Prosperity? At what price?
Amid all the uncertainty over the future of the North American Free Trade Agreement (NAFTA) has anyone given a thought to the thousands of people newly employed in the so-called “maquiladoras,” the factories that assemble imported parts, then export them back across the border into the United States? These factories are a product of Mexico’s automotive resurgence over the last few years, since, in fact, the signing of the NAFTA agreement.
US President Donald Trump has called NAFTA “the worst trade deal in the history of the world.” Whether or not it is for the American economy is a moot point. It is a view which is unlikely to be shared by the workers for whom it has provided an escape from the unremitting labour as field hands on sweltering Mexican farms.
The average hourly wage for these workers is $2.30. That is around a tenth of what their counterparts in the US make. How many of us could survive and raise a family on such earnings? And yet the jobs in the maquiladoras are much sought-after and many people move themselves and their families hundreds of miles in order to secure one. Needless to say, there is no government-mandated minimum wage in Mexico, something the Trump administration is arguing for in order to bring greater parity between the two countries.
It reminds me of when I was an expatriate in West Africa in the eighties. Like most other expats I benefited from the services of local house staff, a houseboy, a cook, a maid and a night watchman. To all of these people I paid wages well in excess of the government-stipulated rate for the job. In return I received unstinting loyalty. One day in Nairobi airport, Kenya, I fell into conversation with a British tourist. On learning of my household, he proceeded to berate me in the strongest terms, asking why I felt I should have “servants,” how demeaning it was for them, and generally making me out to be some kind of latter-day slave owner.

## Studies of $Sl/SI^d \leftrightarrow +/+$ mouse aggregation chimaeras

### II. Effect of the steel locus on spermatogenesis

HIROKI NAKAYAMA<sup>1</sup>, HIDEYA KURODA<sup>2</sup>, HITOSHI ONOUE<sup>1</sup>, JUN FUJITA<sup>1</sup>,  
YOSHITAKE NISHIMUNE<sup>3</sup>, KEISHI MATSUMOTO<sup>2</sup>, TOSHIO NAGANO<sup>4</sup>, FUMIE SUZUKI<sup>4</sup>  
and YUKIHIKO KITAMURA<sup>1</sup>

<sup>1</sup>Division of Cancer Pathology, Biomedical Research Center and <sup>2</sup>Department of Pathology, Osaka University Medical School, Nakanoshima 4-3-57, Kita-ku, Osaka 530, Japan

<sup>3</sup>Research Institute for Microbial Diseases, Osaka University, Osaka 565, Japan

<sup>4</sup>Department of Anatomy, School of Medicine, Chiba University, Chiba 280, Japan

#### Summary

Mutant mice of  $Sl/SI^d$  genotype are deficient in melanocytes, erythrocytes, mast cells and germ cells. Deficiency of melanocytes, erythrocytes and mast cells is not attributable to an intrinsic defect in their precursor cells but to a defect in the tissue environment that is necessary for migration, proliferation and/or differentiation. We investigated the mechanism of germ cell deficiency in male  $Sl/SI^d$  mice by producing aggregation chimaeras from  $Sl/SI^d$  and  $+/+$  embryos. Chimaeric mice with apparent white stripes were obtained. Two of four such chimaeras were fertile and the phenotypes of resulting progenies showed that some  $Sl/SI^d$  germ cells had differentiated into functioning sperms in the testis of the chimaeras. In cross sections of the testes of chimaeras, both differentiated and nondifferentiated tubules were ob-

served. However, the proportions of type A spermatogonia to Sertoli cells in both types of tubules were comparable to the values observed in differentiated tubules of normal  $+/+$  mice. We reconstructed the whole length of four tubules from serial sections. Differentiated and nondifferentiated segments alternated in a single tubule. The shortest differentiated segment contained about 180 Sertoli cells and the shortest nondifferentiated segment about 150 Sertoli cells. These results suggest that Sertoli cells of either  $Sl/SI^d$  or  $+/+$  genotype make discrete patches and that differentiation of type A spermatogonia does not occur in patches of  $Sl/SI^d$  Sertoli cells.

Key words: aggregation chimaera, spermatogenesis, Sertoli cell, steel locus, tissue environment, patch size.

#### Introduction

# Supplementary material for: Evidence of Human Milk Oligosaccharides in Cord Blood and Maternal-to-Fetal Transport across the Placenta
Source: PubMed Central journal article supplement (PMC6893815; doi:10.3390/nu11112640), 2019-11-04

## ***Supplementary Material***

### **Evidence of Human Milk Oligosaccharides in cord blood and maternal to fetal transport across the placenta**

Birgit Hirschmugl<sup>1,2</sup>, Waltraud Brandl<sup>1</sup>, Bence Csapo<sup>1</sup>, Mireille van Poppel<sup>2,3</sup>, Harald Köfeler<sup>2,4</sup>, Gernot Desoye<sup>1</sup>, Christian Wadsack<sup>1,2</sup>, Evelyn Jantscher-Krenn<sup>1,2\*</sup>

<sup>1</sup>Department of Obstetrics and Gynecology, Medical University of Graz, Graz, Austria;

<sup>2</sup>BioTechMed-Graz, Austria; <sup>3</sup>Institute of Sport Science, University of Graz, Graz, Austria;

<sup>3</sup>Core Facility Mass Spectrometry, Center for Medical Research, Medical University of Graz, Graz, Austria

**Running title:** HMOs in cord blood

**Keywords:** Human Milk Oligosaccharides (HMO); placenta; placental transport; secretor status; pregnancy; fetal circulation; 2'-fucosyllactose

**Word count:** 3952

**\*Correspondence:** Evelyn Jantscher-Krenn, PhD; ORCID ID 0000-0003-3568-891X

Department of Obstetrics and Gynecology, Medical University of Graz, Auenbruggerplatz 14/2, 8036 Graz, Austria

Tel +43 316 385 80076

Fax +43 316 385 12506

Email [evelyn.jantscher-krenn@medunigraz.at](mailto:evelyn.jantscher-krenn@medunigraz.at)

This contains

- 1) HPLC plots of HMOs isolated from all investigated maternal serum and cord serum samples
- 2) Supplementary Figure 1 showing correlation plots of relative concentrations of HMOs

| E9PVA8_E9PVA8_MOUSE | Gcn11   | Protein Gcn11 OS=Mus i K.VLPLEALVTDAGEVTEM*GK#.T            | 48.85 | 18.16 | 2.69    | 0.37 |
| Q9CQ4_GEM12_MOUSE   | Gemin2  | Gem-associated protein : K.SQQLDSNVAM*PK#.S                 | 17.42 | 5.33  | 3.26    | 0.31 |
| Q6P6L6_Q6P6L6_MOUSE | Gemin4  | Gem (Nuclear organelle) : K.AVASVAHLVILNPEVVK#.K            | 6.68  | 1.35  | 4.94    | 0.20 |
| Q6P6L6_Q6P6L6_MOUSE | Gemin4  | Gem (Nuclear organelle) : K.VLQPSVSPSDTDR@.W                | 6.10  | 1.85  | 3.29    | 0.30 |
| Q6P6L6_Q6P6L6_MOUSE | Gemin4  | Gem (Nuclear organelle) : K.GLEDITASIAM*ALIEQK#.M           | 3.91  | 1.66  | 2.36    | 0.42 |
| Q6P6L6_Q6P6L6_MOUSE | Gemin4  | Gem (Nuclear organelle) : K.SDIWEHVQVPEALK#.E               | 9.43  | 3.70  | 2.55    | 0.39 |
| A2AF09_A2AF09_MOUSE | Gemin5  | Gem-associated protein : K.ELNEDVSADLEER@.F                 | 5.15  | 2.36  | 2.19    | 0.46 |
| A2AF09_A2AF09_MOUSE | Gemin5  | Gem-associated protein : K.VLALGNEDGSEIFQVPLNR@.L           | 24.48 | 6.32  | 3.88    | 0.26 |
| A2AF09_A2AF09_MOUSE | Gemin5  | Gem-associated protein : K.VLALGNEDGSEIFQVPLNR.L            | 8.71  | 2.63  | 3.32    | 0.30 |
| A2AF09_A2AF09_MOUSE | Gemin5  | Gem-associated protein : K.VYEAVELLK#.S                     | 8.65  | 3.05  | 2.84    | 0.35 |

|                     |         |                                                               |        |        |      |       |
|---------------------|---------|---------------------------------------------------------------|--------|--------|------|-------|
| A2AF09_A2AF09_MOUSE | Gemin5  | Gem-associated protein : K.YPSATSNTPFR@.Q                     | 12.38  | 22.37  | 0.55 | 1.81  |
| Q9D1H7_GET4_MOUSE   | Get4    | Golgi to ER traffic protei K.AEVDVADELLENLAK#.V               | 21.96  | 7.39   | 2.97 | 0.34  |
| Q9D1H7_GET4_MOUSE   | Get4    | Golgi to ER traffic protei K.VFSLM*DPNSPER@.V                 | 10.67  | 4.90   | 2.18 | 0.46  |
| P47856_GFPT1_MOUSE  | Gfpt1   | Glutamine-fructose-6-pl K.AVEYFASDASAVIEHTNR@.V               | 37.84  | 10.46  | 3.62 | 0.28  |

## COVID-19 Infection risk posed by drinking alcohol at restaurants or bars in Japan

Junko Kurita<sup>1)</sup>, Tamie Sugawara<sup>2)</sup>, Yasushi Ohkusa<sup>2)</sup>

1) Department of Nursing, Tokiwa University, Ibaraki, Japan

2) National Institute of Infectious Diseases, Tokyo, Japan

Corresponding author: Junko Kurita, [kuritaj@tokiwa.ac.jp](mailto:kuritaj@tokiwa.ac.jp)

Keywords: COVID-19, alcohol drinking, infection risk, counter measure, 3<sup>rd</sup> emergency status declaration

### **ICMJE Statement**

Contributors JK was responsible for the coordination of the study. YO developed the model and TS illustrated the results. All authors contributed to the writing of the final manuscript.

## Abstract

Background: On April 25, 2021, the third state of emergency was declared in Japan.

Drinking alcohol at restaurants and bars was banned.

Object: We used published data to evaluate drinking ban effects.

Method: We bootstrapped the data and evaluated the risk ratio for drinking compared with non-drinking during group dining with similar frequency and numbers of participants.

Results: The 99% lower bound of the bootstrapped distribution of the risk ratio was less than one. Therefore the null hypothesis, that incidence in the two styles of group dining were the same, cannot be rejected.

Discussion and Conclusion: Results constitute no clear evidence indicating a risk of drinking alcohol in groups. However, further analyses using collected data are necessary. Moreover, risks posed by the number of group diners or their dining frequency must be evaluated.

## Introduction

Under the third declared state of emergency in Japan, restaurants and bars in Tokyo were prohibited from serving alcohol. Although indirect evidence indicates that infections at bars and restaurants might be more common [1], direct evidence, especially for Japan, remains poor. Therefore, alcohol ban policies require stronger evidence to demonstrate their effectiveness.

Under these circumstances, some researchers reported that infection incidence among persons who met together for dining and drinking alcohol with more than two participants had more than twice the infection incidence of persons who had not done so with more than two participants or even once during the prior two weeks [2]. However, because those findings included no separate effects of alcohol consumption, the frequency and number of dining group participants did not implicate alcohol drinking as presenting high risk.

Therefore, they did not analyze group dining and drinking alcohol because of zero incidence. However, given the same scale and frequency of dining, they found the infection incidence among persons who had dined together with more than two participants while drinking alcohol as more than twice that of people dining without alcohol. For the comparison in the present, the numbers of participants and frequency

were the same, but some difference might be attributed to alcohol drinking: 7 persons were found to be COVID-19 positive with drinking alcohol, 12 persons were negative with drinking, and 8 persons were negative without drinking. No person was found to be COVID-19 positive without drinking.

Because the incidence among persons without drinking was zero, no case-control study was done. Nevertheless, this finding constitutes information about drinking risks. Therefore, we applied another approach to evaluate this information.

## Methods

In fact, of course, my staff worked in an air-conditioned villa, were supplied with uniforms and a place to shower and were paid more than most of their unfortunate countrymen. Believe me, you wouldn’t have heard any of them complain.
Nor, I dare say, would the workers in the maquiladoras who, although poorly paid by our standards, still count themselves fortunate, firstly to have a job at all and also to have escaped from fieldwork. It is these people who will be the first to suffer if Trump has his way.
Simon Duval Smith
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